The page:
Try This Easy Recipe For A Natural Laundry Detergent

by Nicola Temple on October 10, 2011

I have a four year old and my husband and I are very active people – running, hiking, biking etc. Needless to say, we do a lot of laundry. I realized recently that I always read the ingredients on any pre-packaged food that I buy, but I’ve never read the list of ingredients on my laundry detergent. I’ve taken the marketing claims on the label at face value. It claims to be ‘future friendly’, use plant-based enzymes and it’s designed for cleaning at low temperatures to reduce energy consumption. Nowhere, however, does it claim to be a natural laundry detergent.

So, what is it that I’m pouring down the drain besides hopefully some dirt, sweat and food stains?

Main ingredients: A look at the label indicates that it’s mainly surfactants (up to 45% by weight). These are organic compounds that essentially improve the likelihood that the water is going to latch on to the dirt, sweat etc.

According to the US Environmental Protection Agency, surfactants biodegrade readily into compounds with low toxicity. However, they can prove toxic to aquatic organisms, particularly if they break down into components that persist in the environment.

Next ingredient: Phosphonate…hang on, that sounds awfully close to phosphate! Phosphates were alive and well in laundry detergents from the 1940s and peaking in the disco era, reaching 150,000 tons per year in New York City wastewater in 1970.  Phosphates released into freshwater systems can promote algae blooms that deplete the surrounding water of dissolved oxygen. At best they disrupt the natural balance of the ecosystem, and at worse they cause death in many aquatic organisms.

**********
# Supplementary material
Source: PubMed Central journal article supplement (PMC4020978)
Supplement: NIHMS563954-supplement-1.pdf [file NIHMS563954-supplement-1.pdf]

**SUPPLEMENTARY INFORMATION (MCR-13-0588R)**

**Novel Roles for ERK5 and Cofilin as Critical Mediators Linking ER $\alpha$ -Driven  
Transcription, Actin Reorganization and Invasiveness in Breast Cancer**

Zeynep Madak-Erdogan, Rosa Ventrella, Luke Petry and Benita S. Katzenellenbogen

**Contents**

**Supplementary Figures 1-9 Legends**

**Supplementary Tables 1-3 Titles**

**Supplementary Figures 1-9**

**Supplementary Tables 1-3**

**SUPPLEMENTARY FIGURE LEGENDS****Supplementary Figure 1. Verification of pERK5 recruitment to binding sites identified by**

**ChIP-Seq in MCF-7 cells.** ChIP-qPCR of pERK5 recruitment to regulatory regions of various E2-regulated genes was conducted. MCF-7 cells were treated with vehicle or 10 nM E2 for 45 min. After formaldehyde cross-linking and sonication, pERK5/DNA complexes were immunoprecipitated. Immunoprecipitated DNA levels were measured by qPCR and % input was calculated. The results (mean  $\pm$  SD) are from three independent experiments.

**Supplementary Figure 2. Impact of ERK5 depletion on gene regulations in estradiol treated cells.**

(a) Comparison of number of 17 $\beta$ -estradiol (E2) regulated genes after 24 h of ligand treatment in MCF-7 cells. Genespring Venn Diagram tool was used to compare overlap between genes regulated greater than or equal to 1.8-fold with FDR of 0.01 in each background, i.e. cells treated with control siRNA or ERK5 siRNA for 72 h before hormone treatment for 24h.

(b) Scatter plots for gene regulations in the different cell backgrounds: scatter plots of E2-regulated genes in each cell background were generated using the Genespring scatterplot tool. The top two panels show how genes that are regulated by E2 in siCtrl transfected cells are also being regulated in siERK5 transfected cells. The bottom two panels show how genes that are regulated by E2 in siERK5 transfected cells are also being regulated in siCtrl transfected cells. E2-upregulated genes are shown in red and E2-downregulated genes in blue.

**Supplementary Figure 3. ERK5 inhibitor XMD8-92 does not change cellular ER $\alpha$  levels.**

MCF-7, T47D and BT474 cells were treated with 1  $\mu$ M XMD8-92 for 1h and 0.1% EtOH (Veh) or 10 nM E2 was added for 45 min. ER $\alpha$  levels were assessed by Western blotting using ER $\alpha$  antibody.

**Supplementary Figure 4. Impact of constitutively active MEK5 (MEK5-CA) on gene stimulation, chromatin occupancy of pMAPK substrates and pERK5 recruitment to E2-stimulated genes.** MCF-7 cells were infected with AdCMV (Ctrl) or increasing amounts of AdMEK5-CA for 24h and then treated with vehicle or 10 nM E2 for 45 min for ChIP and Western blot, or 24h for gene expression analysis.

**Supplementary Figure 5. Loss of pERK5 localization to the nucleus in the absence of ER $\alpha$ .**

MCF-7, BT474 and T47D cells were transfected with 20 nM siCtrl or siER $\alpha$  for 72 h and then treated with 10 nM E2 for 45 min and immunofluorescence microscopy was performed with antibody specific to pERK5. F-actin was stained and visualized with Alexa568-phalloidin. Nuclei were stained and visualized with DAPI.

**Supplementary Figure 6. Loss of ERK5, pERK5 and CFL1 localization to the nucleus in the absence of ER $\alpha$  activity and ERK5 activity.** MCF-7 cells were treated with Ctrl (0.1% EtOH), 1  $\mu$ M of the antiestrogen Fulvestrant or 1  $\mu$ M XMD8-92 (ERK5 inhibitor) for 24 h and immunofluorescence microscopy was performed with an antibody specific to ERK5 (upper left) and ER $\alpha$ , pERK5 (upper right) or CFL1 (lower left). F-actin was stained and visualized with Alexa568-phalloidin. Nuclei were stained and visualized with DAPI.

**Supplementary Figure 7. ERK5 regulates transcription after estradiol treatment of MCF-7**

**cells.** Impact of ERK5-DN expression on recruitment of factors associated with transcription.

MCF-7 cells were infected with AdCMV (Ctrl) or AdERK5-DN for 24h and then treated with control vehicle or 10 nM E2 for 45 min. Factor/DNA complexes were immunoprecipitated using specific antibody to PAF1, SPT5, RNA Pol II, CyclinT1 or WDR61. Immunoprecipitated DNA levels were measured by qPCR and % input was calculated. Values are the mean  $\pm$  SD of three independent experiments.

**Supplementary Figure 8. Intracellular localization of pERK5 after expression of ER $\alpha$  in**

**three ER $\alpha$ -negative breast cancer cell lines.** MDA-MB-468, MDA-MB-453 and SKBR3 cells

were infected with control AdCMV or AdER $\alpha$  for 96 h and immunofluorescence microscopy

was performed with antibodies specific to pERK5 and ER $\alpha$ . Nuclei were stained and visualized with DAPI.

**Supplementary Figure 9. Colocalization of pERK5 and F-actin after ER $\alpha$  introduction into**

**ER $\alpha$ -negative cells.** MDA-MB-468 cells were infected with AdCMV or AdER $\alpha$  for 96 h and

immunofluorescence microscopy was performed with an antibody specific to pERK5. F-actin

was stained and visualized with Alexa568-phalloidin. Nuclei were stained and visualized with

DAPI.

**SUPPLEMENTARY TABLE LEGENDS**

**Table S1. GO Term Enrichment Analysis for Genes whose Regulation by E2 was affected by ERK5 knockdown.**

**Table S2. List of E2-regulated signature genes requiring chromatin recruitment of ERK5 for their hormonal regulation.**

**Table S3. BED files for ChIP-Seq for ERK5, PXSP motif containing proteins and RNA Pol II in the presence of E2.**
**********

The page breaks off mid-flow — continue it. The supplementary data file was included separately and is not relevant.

Don’t panic though, phosphonates are not phosphates. In laundry detergent they work as scale inhibitors and bleach stabilizers. They have a low level of toxicity to aquatic organisms and natural bacteria degrade them in the environment.

The last few things on the list of ingredients:

Plant enzymes. Better than animal alternatives.

Optical brighteners. Again, according to the US EPA they have a low toxicity to humans and the environment. But, in the next sentence they state there is potential toxicity to humans – some may cause developmental and reproductive effects, though additional testing is required. Hmm…not sure I want to be involved in that test!

Essential oils to make the laundry smell nice.

So, I would say my laundry detergent is satisfactory, though there is always room for improvement. As a sure fire way of insuring your laundry detergent makes the grade, you can make it at home, using simple, all natural ingredients.

natural laundry detergent

Natural laundry detergents often don't produce as many suds, but that doesn't mean they aren't working. CC image courtesy of Dabert on Flickr.

A recipe for an all natural laundry detergent


  • 3.1 oz bar of Ivory soap or a natural soap of your choice
  • 1 cup of borax (this varied between recipes between ½ cup and 1 cup; it acts as a whitener and deodorizer, so I suppose it depends on how much whitening and deodorizing you feel you need)
  • ½ cup of washing soda (NOT baking soda)
  • water


  •  5 gallon container
  • Knife
  • Pot large enough to hold 5 cups of water
  • A long stirring stick or spoon that reaches the bottom of your 5 gallon container


Use the knife to very carefully shave the soap into small strips into the pot with 5 cups of water. Bring it nearly to the boil and stir until the soap is nearly all melted. Pour 3 gallons of hot water into the 5 gallon container and let it sit. Return to your pot of melting soap and once it is all melted pour it into the 5 gallon container and stir. Add the washing soda and stir until dissolved. Next, pour in the borax and stir until dissolved.

At this point, add any essential oils that you may want to fragrance your detergent.

Cover the container and let it sit overnight. It will gel as it cools. It’s not a uniform gel, so it isn’t terribly pretty, but it’s all natural and it works.

Transfer to smaller storage containers and use ½ cup per laundry load. It’s not a bad idea to stir it up before you use it to break up any lumps. It’s a low sudsing detergent, so don’t be alarmed if you don’t see a lot of bubbles. It doesn’t mean it’s not working. (Source)

TIP: Add ½ a cup of vinegar to your wash as a laundry softener. Don’t worry, you won’t end up smelling like a fish and chips shop, apparently the vinegar aroma disappears after drying.

Dr. Mercola, a health practitioner, runs down the list of things to look for when purchasing a natural laundry detergent in this video.

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